pedro
04-12-2008, 03:13 AM
I thought Bowden did a pretty decent job for the Reds up through 2000 but I don't think he's been a good GM since then.

Benihana
04-12-2008, 02:22 PM
What's interesting is that you cite Dave Burba as a major loss, but it was the trade of OF Deion Sanders that produced both Burba and Mark Portugal. That's a prime example of how Bowden sent away an OF for some pretty good arms. Those two were significant pieces of the 1995 squad that reached the NL Championship series. So was David Wells, who was acquired for C.J. Nitkowski (a player you feel had no value) and not much else.

When Bowden traded Burba and Wells (Portugal left via FA), the return was:

Curtis Goodwin (Wells)
Trovin Valdez (Wells)
Sean Casey (Burba)

Other than Casey, not good. It does suck that the Reds received only Ed Yarnall, Brian Reith, Jackson Melian, and Drew Henson for Neagle and Mike Frank. Yet, without that trade, the Reds might not have someone you consider a huge "win" for Krivsky: Bronson Arroyo via Wily Mo Pena; acquired after Henson flipped out about not wearing the Yankee pinstripes he's currently not wearing. Neagle and Rob Bell were acquired from Atlanta for Bret Boone and Mike Remlinger. Of course, Bell was flipped later to Texas for Ruben Mateo and Edwin Encarnacion. The same Edwin Encarnacion who's currently starting for the Reds at Third Base nearly five years after Denny Neagle threw his last MLB pitch.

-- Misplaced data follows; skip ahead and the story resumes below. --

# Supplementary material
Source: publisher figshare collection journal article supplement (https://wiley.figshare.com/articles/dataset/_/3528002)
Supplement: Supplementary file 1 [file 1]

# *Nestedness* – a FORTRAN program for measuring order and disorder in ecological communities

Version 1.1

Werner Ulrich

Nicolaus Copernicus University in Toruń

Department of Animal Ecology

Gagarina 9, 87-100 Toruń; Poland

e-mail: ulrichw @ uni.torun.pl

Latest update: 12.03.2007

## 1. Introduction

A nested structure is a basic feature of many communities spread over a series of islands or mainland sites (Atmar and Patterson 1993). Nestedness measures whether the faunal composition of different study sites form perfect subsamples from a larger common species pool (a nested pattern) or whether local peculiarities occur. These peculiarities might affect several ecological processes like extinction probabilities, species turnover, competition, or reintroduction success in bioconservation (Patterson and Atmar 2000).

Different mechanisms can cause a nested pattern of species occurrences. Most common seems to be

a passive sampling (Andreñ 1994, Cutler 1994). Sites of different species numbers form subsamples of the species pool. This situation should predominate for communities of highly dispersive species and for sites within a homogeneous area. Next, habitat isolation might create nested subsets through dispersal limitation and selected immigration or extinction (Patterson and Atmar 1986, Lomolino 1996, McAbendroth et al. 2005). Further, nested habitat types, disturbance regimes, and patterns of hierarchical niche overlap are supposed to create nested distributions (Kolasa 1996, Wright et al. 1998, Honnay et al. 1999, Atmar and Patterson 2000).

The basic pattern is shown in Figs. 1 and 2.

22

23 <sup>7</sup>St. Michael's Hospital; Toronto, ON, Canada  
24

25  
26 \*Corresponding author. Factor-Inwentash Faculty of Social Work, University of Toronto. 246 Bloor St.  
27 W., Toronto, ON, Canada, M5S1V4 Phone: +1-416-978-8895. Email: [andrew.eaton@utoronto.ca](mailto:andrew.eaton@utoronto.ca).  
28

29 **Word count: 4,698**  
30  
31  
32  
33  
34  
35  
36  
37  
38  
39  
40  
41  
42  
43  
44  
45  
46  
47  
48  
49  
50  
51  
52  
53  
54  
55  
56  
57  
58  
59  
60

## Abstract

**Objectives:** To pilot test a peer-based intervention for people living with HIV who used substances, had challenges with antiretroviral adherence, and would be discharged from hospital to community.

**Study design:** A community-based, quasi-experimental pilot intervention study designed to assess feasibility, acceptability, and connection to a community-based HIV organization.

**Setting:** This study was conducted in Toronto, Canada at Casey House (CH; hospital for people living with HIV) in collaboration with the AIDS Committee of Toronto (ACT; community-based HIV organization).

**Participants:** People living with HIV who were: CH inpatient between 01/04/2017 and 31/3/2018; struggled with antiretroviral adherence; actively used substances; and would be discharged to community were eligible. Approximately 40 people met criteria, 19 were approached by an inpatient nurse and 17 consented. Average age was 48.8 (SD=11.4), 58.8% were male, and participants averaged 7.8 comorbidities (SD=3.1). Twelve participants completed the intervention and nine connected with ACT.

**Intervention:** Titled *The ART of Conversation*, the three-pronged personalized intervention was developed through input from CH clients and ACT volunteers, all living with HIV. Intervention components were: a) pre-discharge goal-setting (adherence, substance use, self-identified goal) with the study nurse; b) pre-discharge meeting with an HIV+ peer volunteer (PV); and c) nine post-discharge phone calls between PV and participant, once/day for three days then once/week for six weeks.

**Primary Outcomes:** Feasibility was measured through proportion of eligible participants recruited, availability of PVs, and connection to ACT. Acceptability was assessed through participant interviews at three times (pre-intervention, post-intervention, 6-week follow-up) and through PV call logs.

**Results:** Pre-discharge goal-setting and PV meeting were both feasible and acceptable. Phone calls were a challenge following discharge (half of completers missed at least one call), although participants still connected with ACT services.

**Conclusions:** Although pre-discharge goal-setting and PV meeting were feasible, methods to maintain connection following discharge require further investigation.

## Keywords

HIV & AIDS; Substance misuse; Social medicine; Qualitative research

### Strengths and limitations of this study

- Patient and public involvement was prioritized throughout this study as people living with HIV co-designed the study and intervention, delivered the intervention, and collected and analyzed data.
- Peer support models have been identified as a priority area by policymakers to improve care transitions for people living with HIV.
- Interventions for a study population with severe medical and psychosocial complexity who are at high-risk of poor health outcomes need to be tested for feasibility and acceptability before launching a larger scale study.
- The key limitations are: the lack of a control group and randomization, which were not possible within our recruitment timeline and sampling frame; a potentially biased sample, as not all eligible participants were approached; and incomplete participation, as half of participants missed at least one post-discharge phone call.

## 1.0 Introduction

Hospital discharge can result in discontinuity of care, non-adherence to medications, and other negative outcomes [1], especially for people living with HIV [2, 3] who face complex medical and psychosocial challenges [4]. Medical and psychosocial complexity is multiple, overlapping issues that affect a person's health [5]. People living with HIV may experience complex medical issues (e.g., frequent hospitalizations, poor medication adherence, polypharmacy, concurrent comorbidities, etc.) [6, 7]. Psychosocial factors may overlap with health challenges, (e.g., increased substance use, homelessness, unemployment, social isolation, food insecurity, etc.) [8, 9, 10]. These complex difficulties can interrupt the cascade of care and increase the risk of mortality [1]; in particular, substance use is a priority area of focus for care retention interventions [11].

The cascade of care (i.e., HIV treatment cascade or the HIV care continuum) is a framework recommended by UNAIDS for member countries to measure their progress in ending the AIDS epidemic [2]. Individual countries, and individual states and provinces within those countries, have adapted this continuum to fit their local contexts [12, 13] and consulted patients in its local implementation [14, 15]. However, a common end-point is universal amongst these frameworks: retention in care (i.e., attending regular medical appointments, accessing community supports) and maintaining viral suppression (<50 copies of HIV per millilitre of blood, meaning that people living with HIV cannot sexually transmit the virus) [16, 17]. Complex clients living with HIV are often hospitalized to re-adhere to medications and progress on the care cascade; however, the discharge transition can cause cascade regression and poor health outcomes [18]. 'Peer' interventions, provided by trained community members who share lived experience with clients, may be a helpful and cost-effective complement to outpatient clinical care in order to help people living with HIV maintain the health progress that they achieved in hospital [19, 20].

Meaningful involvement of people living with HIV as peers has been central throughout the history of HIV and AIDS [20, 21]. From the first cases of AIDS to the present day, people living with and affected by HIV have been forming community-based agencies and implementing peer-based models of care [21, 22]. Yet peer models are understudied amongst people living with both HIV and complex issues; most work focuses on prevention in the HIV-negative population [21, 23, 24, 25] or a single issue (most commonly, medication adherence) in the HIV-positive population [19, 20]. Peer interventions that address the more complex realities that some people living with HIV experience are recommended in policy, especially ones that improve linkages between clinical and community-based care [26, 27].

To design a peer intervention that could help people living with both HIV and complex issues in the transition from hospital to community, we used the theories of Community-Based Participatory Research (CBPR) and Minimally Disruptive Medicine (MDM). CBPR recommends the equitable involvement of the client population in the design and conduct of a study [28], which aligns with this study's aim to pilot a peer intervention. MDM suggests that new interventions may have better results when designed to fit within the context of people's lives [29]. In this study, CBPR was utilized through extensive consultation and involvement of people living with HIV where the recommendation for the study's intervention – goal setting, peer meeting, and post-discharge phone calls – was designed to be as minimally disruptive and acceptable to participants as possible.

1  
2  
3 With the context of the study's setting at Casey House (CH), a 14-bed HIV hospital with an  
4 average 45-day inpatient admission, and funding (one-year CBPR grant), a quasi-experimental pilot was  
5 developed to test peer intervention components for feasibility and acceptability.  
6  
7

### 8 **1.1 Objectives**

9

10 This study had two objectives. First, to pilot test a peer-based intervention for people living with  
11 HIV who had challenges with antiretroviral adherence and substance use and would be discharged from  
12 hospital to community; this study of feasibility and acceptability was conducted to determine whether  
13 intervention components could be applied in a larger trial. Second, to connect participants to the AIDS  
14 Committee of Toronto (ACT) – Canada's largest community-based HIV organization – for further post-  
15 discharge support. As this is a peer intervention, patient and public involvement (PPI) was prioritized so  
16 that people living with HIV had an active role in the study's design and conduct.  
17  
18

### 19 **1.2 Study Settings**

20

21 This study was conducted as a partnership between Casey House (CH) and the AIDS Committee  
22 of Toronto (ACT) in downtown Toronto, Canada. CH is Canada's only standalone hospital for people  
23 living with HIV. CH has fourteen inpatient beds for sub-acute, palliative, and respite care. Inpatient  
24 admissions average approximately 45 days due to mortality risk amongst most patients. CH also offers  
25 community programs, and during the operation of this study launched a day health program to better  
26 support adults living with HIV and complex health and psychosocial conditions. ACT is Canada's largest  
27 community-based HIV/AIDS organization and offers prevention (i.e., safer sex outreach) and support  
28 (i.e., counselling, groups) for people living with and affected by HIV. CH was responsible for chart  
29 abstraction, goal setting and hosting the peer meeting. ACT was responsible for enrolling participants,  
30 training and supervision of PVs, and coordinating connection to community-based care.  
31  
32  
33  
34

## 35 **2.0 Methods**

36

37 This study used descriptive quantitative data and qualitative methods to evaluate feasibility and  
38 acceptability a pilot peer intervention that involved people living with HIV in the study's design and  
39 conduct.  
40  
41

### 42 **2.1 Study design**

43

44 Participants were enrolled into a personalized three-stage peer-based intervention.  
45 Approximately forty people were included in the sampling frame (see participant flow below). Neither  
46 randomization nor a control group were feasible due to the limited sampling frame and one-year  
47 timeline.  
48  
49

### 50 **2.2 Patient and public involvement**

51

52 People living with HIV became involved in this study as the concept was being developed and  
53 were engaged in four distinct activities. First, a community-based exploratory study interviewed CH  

It's amazing how some things work out.



Konerko had no place to play with Casey around at the time and was acquired for...shhh...pitching (Denys Reyes, Jeff Shaw). Konerko obviously wasn't a Third Baseman and his trade netted the Reds Mike Cameron, who you appear to think was a significant player (and I'd agree). But Bowden dealt pitching to acquire your "Strike One" player who was then traded for your "Strike Two" player, who was then part of trade for what was at the time the major piece (Cameron) used to acquire Ken Griffey Junior. It's unfortunate that some rely on hindsight analysis based on later injury history to position that trade as being a major issue for the franchise, but it was a masterful negotiation.

In the end, Jim Bowden churned two relievers, Brett Tomko, and chaff for an All-Century player at age 30. As unfortunate as Griffey's injuries have been over the past few seasons, that's the kind of talent churn I want from a GM and it included absolutely zero solid starting pitchers.